Georgie Weston – Never Be That Age Again

I barely remember my teenage years. I look back at crumpled photos of myself and don’t really recognise the person looking out at me. But I do recall that I was an intense sort and hopelessly romantic. I thought that every relationship I entered into would be my last. I’d make mixtapes of my favourite songs to send to future (I hoped) lovers. And I had an obsession over listening to new music, something that was much harder to do in the 1980’s than it is now. Some things don’t change.

I’d see a girl waiting by a bus-stop and before even knowing her name, I’d declare that I was in love. Naive and foolish, I’d predict an uncluttered future for us before we’d even spoken. The memory appears in my mind now as sepia-tinged. I’ll never be that age again. 


Georgie Weston, a man much, much younger than I, has written a song that stirs up all of those teenage emotions again. In his version of ‘Never Be That Age Again’, Georgie dives headfirst into a ‘melancholic journey about a romance with no destination’. The parting couple in this song are embarking on their own lives with a tearful ‘if only, what if’ reflection. The fact that Georgie knows that he’ll never be that age again despite his tender years bodes well for his own future. It took me decades to work out.

There’s a wonderful retro feel to this song. Georgie has adapted his name in homage to his Great Grandfather, who was an accomplished classical jazz pianist from London back in the 30’s. He cites the influence of Bacharach, Gershwin, vintage McCartney and Gilbert O’Sullivan (who frequently made the cut in those mixtapes of mine) in his press release with good reason. But to suggest that this is rooted firmly in the past would be ignoring the dreamy haze that’s been created in the production, ‘the spacey sonic landscape that forecasts the shape of indie to come’, as Georgie puts it.

The video adds to that combined and conflicting sense of loss and opportunity. For a bit of light relief (it made me smile anyway), look out for the bit in which Georgie is standing over the canal holding his vintage keyboard awkwardly in his arms. It’s a ‘You’ve Been Framed’ moment waiting to happen, right? Perhaps that’s just the way why mind works. 

Who needs Steve Wright on a Sunday morning when you have Sonic Breakfast?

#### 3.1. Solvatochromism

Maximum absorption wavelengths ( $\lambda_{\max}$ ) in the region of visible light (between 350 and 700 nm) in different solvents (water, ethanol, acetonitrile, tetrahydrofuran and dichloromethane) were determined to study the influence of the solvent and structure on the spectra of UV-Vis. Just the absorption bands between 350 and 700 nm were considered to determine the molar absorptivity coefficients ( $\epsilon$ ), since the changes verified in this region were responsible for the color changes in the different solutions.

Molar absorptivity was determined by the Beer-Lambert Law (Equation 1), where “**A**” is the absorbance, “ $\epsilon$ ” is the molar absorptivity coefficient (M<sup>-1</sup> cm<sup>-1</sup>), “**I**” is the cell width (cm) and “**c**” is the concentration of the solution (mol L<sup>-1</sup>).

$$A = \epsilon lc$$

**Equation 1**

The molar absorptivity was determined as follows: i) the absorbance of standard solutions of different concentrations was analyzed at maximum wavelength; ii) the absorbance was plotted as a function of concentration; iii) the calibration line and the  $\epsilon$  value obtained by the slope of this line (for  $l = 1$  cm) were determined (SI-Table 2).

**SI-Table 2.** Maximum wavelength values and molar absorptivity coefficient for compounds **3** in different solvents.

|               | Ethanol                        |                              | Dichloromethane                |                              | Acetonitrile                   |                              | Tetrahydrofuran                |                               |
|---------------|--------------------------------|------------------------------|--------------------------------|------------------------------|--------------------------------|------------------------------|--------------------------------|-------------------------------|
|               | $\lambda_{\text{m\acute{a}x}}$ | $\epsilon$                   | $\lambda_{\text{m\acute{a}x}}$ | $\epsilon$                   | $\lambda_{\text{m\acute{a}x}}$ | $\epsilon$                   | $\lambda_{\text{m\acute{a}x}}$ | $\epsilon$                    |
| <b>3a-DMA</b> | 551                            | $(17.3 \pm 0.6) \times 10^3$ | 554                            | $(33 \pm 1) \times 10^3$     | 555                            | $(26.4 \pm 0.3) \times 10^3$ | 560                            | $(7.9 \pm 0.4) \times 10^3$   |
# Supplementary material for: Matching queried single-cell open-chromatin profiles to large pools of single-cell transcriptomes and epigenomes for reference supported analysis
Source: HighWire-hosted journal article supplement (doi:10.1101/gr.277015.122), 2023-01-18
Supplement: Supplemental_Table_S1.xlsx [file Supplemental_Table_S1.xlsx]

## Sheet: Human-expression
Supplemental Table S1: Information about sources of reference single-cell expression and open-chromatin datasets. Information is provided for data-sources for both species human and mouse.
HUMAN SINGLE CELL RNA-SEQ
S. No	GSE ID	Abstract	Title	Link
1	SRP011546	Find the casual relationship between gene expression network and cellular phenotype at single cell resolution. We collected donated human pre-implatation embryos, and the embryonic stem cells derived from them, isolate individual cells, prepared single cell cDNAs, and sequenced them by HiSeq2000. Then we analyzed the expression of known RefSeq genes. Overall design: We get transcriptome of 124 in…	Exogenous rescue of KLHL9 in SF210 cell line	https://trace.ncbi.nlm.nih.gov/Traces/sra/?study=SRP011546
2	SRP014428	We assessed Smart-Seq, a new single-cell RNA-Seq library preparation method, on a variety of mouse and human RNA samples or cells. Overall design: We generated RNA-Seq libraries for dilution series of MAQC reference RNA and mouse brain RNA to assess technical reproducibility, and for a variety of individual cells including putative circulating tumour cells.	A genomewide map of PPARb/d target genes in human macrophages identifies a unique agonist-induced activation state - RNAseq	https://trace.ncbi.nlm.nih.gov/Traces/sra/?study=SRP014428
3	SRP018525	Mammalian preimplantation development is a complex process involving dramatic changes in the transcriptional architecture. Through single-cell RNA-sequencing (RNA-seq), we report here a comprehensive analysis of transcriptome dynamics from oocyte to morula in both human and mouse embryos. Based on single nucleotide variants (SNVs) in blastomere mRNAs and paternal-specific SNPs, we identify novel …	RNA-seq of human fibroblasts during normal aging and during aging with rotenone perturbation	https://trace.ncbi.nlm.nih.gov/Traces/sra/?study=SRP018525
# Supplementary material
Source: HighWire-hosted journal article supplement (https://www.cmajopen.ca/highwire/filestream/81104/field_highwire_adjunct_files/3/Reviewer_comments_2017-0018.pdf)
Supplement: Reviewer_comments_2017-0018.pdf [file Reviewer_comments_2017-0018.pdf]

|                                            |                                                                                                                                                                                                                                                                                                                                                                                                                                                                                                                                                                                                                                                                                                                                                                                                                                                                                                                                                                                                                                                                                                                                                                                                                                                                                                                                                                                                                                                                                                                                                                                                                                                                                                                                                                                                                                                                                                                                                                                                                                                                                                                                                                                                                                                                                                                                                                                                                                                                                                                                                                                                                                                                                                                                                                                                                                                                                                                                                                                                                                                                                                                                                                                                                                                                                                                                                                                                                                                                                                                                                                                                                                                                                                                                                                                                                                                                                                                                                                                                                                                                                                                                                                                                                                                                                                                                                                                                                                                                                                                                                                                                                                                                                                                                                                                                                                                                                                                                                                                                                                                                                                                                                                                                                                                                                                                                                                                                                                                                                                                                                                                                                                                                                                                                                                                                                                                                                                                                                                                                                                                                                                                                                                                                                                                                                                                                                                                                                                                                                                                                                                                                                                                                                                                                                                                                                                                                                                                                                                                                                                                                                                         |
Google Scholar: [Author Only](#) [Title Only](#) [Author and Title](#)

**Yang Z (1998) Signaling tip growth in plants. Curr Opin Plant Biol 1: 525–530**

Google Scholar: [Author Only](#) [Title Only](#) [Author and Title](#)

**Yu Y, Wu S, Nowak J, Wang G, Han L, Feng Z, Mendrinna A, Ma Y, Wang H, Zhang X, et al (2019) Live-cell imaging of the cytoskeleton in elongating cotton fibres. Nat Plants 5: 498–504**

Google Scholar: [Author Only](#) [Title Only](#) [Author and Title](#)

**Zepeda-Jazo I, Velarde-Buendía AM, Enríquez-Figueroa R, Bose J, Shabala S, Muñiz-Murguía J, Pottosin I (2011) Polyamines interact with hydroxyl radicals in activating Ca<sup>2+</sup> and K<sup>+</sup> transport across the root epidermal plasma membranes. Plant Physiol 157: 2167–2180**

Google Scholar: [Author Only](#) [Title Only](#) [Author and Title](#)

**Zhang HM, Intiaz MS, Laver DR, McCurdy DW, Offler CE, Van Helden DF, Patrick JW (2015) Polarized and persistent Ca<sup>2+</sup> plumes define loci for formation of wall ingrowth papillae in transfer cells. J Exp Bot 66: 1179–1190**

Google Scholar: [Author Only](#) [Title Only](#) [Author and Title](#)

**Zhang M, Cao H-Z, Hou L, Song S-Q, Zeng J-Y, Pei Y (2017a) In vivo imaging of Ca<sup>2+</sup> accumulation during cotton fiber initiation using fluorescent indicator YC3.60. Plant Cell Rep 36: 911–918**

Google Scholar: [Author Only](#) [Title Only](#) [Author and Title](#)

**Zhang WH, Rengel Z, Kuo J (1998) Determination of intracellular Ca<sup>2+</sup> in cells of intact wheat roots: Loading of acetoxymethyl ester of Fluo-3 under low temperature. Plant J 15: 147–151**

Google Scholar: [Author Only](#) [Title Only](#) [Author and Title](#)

Hailey Tuck – Alcohol/Junk

Until yesterday, Hailey Tuck was a name that had passed me by. Maybe I’d seen the label ‘soft jazz covers’ and thought that her music wouldn’t be for me. But how wrong I’ve been? 


She’s been around for a while, an American still in her 20’s who has spent the best part of a decade living in Paris and reconnecting with a time that was altogether more glamorous. Sporting a beautiful bobbed haircut and giving the impression that she means every syllable that she purposefully utters, it was the video to a track from her forthcoming (and debut) album, Junk, out in May that got me foaming at the mouth. 

I’m a fan of The Kinks and firmly believe that Ray Davies is a songwriting genius. It’s fair to say though that his tune, Alcohol, from the Muswell Hillbillies album might never be considered a classic of their catalogue. However, Hailey Tuck has scrubbed the song down, added extra clarity to the slightly muffled vocal of the original and come up with a tune tinged with beautiful sadness. When she sings ‘who thought I would fall a slave to demon alcohol?’, you believe her every word. 

I had to get a copy of the album and promptly requested a preview copy. 

‘Why don’t you shut the door and close the curtains?’, asks Jarvis Cocker in Pulp’s fine tune, Underwear. In their version, it’s the sound of a seedy Sheffield, bedsits off Bramall Lane. But Hailey transforms the song and its meaning into a slightly skewed but perfect love song. Her voice is truly to die for.


Underwear falls towards the end of this most astonishing of listening experiences. I’ve never really been one for cover versions or tribute acts but on Junk, Hailey (and her fine band of jazz players) take us through an eclectic mix never once dropping a beat. From soul to folk originals, she turns Solomon Burke into Peggy Lee and Broadway musical-tunes into heart-wrenching ballads that you want to hear again and again. 

‘I fought against the bottle but I had to do it drunk’, sings Hailey in the opening track of the record, her cover of the Leonard Cohen song, ‘That don’t make it Junk’. Battles against addiction do surface from time to time, perhaps nowhere more so than in her exquisite cover of Colin Blunstone’s ‘Say You Don’t Mind’. Hailey knows that the word ‘wining/whining’ has double-meaning when she pleads to be forgiven for her wrongdoing in this classic. 

Ultimately, this is an exercise in taking old tunes from a range of genres and finding something new, immediate and exciting within. Her art form (soft jazz covers) might be as old as the hills but Tuck breathes and invigorates new life into it.

We’re at the final track of the album – a cover of Paul McCartney’s Junk. ‘Something old and new, memories for me and you’, sings Hailey and you suspect that sums up her modus operandi. 

Make no mistake though – this record is far from junk.